Shared scientific resources, also known as core facilities, support a significant portion of the research conducted at biomolecular research institutions. The Association of Biomolecular Resource Facilities (ABRF) established the Committee on Core Rigor and Reproducibility (CCoRRe) to further its mission of integrating advanced technologies, education, and communication in the operations of shared scientific resources in support of reproducible research. In order to first assess the needs of the scientific shared resource community, the CCoRRe solicited feedback from ABRF members via a survey. The purpose of the survey was to gain information on how U.S. National Institutes of Health (NIH) initiatives on advancing scientific rigor and reproducibility influenced current services and new technology development. In addition, the survey aimed to identify the challenges and opportunities related to implementation of new reporting requirements and to identify new practices and resources needed to ensure rigorous research. The results revealed a surprising unfamiliarity with the NIH guidelines. Many of the perceived challenges to the effective implementation of best practices (i.e., those designed to ensure rigor and reproducibility) were similarly noted as a challenge to effective provision of support services in a core setting. Further, most cores routinely use best practices and offer services that support rigor and reproducibility. These services include access to well-maintained instrumentation and training on experimental design and data analysis as well as data management. Feedback from this survey will enable the ABRF to build better educational resources and share critical best-practice guidelines. These resources will become important tools to the core community and the researchers they serve to impact rigor and transparency across the range of science and technology.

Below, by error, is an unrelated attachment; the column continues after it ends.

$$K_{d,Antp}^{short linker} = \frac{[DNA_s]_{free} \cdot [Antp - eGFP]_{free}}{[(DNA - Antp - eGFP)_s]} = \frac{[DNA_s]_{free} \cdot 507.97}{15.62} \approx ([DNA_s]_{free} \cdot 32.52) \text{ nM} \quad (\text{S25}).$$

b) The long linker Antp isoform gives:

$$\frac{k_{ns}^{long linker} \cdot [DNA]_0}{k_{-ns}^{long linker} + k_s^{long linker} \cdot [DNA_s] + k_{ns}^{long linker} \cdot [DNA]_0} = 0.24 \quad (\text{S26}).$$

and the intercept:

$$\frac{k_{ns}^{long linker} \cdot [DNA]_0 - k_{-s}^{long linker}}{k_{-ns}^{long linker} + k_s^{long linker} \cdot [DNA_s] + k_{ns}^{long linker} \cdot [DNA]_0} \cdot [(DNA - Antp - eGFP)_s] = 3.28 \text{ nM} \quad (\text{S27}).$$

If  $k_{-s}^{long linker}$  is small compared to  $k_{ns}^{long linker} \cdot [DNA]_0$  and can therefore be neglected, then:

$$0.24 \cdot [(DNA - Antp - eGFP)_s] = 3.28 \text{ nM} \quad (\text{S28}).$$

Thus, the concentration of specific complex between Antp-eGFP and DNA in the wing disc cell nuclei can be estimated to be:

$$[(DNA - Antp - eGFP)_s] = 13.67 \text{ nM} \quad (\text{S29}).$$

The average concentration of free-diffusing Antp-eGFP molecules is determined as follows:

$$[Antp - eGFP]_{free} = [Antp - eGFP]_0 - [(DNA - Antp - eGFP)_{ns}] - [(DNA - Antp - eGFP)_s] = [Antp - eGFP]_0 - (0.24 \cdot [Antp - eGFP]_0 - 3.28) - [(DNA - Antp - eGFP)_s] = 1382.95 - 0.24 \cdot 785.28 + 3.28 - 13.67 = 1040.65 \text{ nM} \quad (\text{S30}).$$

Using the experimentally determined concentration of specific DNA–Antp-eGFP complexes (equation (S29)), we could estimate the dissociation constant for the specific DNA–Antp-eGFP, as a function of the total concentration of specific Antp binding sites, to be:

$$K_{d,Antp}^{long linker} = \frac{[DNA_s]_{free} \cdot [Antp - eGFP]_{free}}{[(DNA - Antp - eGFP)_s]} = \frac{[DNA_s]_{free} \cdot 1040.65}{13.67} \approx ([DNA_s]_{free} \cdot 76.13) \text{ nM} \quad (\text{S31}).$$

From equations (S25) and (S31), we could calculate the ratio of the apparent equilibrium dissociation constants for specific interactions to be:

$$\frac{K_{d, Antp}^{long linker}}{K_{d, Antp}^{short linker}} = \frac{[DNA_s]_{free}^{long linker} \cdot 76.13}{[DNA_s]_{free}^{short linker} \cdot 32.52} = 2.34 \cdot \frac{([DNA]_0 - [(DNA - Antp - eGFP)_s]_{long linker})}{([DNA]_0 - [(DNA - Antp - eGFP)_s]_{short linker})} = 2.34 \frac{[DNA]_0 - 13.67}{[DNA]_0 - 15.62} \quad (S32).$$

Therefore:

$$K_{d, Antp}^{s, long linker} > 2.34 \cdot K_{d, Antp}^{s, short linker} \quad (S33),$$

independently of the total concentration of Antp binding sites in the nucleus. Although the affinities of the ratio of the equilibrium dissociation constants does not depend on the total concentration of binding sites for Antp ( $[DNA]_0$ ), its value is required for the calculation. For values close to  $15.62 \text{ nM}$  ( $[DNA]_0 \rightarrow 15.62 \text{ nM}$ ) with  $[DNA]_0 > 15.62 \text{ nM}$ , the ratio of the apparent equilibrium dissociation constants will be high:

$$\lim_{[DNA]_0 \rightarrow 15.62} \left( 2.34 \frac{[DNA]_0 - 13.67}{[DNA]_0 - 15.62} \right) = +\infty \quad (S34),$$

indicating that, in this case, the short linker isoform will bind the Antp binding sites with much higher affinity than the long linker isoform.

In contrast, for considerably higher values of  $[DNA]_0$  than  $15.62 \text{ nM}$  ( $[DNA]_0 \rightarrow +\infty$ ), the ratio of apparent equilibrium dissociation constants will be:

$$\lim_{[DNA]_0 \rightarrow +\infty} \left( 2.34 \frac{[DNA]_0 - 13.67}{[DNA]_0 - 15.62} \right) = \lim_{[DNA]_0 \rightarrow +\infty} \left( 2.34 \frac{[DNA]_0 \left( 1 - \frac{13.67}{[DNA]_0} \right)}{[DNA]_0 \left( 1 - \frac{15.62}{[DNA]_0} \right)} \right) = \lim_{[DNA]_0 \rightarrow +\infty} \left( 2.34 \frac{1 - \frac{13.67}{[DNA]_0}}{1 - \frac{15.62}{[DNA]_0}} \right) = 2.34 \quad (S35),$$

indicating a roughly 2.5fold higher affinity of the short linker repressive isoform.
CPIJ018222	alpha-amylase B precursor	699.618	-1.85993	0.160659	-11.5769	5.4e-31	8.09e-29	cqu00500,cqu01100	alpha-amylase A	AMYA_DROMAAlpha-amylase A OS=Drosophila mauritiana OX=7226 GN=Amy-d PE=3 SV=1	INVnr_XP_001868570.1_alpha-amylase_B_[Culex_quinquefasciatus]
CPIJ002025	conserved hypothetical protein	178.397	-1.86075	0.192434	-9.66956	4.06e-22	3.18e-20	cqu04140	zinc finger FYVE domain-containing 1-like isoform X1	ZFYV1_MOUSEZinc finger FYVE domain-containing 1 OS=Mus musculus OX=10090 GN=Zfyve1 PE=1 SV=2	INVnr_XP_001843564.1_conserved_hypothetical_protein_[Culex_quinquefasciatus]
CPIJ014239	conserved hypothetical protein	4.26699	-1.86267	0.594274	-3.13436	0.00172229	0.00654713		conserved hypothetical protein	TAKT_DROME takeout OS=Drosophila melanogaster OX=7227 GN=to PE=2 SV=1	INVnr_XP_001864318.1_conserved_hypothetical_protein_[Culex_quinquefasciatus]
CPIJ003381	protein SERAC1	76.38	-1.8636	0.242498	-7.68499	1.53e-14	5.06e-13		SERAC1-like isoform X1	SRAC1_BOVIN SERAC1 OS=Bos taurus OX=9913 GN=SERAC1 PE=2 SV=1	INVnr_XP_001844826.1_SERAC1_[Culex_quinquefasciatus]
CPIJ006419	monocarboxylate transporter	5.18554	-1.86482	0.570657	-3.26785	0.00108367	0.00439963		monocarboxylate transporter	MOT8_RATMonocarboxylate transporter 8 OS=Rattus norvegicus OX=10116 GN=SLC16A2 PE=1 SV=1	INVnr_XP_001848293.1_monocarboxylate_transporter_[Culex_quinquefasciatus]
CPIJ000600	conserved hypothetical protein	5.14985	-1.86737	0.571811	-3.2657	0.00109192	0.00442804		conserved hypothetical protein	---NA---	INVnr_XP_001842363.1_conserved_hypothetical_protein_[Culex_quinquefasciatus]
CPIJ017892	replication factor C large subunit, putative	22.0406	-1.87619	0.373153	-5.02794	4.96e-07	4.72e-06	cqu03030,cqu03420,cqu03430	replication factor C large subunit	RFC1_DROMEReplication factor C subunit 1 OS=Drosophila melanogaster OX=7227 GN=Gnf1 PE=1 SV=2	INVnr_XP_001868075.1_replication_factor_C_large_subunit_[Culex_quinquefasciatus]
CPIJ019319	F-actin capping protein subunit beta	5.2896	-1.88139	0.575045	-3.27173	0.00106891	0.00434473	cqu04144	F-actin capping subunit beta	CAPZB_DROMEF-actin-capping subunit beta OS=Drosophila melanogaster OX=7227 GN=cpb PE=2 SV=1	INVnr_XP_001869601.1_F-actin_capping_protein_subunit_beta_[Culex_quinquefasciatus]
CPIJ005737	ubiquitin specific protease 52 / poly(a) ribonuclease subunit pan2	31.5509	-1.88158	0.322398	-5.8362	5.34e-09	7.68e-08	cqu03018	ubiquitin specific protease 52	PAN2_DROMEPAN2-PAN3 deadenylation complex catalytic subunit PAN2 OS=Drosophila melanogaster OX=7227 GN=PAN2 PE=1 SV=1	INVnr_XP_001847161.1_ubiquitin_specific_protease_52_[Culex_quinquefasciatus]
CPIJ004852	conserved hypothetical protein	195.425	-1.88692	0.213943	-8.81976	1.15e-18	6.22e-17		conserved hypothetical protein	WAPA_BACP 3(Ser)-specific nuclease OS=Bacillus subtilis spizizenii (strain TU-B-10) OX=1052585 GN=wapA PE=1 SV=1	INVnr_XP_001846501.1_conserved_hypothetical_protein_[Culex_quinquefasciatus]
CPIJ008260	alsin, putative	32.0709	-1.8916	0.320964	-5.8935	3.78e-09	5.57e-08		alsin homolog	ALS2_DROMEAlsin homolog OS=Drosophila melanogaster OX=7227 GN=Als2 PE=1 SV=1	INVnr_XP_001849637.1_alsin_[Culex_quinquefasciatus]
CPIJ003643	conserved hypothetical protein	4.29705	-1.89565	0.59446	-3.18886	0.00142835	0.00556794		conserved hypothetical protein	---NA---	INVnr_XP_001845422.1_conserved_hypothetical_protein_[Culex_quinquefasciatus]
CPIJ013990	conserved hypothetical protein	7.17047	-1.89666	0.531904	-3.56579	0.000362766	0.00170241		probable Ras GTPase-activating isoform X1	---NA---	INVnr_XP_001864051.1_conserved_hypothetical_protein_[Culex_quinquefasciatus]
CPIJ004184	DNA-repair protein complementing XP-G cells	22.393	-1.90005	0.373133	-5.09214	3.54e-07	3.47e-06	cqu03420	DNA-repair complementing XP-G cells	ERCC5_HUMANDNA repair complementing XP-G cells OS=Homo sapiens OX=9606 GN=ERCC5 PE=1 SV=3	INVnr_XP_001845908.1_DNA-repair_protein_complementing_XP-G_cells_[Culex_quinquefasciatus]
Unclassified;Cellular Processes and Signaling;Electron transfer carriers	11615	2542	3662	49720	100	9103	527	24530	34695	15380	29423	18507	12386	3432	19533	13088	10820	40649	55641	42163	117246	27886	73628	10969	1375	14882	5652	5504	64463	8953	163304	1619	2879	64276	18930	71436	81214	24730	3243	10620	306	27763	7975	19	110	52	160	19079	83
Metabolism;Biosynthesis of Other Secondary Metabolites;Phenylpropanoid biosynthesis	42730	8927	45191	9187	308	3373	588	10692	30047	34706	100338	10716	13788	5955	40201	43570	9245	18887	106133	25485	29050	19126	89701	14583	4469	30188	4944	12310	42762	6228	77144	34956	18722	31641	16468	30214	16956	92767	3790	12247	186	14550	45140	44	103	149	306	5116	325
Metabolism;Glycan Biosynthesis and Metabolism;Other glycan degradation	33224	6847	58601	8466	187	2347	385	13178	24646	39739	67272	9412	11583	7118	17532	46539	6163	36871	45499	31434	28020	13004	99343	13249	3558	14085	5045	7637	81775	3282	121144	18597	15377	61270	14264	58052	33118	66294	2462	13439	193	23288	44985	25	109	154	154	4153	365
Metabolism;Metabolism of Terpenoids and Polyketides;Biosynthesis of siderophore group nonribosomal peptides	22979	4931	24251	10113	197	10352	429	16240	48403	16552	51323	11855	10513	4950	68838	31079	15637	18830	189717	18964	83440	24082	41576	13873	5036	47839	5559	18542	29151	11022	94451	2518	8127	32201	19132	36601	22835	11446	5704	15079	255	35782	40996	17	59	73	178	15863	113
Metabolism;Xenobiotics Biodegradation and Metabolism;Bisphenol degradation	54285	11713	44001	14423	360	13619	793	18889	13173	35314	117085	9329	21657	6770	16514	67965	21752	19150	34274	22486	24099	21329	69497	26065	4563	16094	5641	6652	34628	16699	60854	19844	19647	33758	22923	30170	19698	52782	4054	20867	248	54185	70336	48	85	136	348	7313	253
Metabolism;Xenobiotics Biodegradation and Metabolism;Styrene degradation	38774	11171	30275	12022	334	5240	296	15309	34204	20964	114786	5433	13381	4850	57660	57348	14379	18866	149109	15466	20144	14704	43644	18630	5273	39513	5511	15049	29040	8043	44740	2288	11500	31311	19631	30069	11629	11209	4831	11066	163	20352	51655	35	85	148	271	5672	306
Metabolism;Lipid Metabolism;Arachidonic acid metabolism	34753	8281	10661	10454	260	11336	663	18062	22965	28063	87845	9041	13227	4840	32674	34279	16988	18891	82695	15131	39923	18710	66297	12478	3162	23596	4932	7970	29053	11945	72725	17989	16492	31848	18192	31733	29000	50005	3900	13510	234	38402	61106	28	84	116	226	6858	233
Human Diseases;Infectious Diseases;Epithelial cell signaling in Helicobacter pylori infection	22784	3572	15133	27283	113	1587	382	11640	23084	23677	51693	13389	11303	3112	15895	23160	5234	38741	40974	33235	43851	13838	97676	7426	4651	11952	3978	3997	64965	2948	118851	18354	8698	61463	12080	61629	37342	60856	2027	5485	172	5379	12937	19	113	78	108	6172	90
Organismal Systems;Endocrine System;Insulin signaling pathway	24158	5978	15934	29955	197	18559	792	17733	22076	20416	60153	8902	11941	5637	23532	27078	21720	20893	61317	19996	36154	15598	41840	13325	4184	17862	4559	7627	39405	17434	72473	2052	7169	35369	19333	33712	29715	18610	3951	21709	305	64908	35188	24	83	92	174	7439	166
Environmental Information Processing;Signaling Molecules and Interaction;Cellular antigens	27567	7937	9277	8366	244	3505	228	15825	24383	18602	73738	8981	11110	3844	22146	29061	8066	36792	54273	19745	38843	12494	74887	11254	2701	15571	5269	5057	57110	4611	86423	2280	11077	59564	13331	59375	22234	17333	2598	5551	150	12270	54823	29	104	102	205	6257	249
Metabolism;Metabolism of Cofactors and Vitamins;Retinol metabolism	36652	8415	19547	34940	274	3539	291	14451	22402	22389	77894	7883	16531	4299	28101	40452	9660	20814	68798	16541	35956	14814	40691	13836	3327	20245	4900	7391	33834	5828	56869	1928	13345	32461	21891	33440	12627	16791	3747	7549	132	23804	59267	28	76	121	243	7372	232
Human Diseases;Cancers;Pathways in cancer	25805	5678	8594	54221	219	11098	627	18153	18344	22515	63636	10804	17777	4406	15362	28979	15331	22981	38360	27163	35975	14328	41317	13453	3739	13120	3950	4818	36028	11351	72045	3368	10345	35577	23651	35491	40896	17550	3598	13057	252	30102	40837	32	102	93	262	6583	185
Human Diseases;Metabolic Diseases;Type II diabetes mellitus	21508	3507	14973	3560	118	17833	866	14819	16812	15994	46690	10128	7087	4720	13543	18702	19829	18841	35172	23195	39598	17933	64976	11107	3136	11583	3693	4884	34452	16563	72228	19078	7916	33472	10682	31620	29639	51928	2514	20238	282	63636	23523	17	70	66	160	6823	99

Bibliographical noteFunding Information:
The authors thank Dr. Theodore W. Thannhauser (United States Department of Agriculture (USDA) Agricultural Research Service (ARS), Ithaca, NY, USA) for his critical review of this manuscript and Dr. Sarah Birken (University of North Carolina at Chapel Hill, Chapel Hill, NC, USA) for her suggested approaches in analyzing the survey data. N.C.F. is supported by P30 CA016086 Cancer Center Core Support Grant to the UNC Lineberger Comprehensive Cancer Center. B.D.H. is supported by the National Cancer Institute, National Institutes of Health, under contract HHSN261200800001E. K.L.K. is supported in part by the National Cancer Institute of the National Institutes of Health under award number P30 CA086862. S.M.M. was supported in part by the National Cancer Institute of the National Institutes of Health Cancer Center grant P30 CA068485. S.M.M. and P.A.L. are supported by P30 CA016087 Cancer Center Core Support Grant at the NYU Langone Laura and Isaac Perlmutter Comprehensive Cancer Center. F.W.-G. is supported by P30 CA008748 Cancer Center Core Support Grant at the Memorial Sloan Kettering Cancer Center. K.S.-C. is supported in part by the National Institute of General Medical Sciences of the National Institutes of Health IDeA program under award numbers P30 GM114736 and P20 GM103446. The authors declare no conflicts of interest.
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